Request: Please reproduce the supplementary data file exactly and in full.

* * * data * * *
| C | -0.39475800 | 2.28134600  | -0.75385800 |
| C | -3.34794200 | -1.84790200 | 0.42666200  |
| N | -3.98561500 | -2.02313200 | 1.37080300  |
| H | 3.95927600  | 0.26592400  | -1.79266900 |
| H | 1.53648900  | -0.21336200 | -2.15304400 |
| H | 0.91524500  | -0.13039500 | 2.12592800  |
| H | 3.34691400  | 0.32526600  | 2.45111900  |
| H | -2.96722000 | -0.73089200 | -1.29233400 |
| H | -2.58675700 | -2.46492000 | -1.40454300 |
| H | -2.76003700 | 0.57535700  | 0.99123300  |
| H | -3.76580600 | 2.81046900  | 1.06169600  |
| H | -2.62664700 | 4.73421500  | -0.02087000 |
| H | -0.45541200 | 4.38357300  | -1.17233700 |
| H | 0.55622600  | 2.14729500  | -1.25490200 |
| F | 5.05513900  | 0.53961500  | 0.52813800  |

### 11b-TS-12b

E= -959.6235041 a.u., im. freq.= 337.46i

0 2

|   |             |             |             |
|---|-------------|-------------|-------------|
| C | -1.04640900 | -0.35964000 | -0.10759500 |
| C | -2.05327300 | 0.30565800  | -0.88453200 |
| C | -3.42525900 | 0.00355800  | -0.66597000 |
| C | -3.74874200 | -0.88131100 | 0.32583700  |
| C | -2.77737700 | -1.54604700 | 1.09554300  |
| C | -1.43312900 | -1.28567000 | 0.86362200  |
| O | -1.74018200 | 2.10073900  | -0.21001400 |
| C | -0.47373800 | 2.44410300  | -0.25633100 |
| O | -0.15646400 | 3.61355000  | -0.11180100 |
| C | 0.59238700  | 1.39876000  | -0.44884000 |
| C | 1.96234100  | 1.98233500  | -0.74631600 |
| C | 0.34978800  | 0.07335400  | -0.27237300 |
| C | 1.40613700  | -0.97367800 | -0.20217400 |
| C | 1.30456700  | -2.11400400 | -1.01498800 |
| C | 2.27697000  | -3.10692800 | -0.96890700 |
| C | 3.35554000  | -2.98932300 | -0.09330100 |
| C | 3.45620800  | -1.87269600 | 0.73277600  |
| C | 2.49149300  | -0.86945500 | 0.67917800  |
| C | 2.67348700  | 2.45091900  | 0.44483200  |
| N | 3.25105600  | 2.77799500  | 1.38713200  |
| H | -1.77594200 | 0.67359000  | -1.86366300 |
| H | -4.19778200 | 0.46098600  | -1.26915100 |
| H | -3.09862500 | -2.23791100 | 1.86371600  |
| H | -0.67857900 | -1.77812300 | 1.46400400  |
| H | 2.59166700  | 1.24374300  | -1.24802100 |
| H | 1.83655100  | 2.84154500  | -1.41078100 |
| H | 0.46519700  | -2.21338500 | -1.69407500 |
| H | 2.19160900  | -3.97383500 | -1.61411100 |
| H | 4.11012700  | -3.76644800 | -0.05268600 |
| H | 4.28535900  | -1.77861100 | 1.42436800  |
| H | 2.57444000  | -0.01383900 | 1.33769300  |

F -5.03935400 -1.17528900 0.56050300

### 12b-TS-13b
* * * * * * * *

| C | -0.39475800 | 2.28134600  | -0.75385800 |
| C | -3.34794200 | -1.84790200 | 0.42666200  |
| N | -3.98561500 | -2.02313200 | 1.37080300  |
| H | 3.95927600  | 0.26592400  | -1.79266900 |
| H | 1.53648900  | -0.21336200 | -2.15304400 |
| H | 0.91524500  | -0.13039500 | 2.12592800  |
| H | 3.34691400  | 0.32526600  | 2.45111900  |
| H | -2.96722000 | -0.73089200 | -1.29233400 |
| H | -2.58675700 | -2.46492000 | -1.40454300 |
| H | -2.76003700 | 0.57535700  | 0.99123300  |
| H | -3.76580600 | 2.81046900  | 1.06169600  |
| H | -2.62664700 | 4.73421500  | -0.02087000 |
| H | -0.45541200 | 4.38357300  | -1.17233700 |
| H | 0.55622600  | 2.14729500  | -1.25490200 |
| F | 5.05513900  | 0.53961500  | 0.52813800  |

### 11b-TS-12b

E= -959.6235041 a.u., im. freq.= 337.46i

0 2

|   |             |             |             |
|---|-------------|-------------|-------------|
| C | -1.04640900 | -0.35964000 | -0.10759500 |
| C | -2.05327300 | 0.30565800  | -0.88453200 |
| C | -3.42525900 | 0.00355800  | -0.66597000 |
| C | -3.74874200 | -0.88131100 | 0.32583700  |
| C | -2.77737700 | -1.54604700 | 1.09554300  |
| C | -1.43312900 | -1.28567000 | 0.86362200  |
| O | -1.74018200 | 2.10073900  | -0.21001400 |
| C | -0.47373800 | 2.44410300  | -0.25633100 |
| O | -0.15646400 | 3.61355000  | -0.11180100 |
| C | 0.59238700  | 1.39876000  | -0.44884000 |
| C | 1.96234100  | 1.98233500  | -0.74631600 |
| C | 0.34978800  | 0.07335400  | -0.27237300 |
| C | 1.40613700  | -0.97367800 | -0.20217400 |
| C | 1.30456700  | -2.11400400 | -1.01498800 |
| C | 2.27697000  | -3.10692800 | -0.96890700 |
| C | 3.35554000  | -2.98932300 | -0.09330100 |
| C | 3.45620800  | -1.87269600 | 0.73277600  |
| C | 2.49149300  | -0.86945500 | 0.67917800  |
| C | 2.67348700  | 2.45091900  | 0.44483200  |
| N | 3.25105600  | 2.77799500  | 1.38713200  |
| H | -1.77594200 | 0.67359000  | -1.86366300 |
| H | -4.19778200 | 0.46098600  | -1.26915100 |
| H | -3.09862500 | -2.23791100 | 1.86371600  |
| H | -0.67857900 | -1.77812300 | 1.46400400  |
| H | 2.59166700  | 1.24374300  | -1.24802100 |
| H | 1.83655100  | 2.84154500  | -1.41078100 |
| H | 0.46519700  | -2.21338500 | -1.69407500 |
| H | 2.19160900  | -3.97383500 | -1.61411100 |
| H | 4.11012700  | -3.76644800 | -0.05268600 |
| H | 4.28535900  | -1.77861100 | 1.42436800  |
| H | 2.57444000  | -0.01383900 | 1.33769300  |

F -5.03935400 -1.17528900 0.56050300

### 12b-TS-13b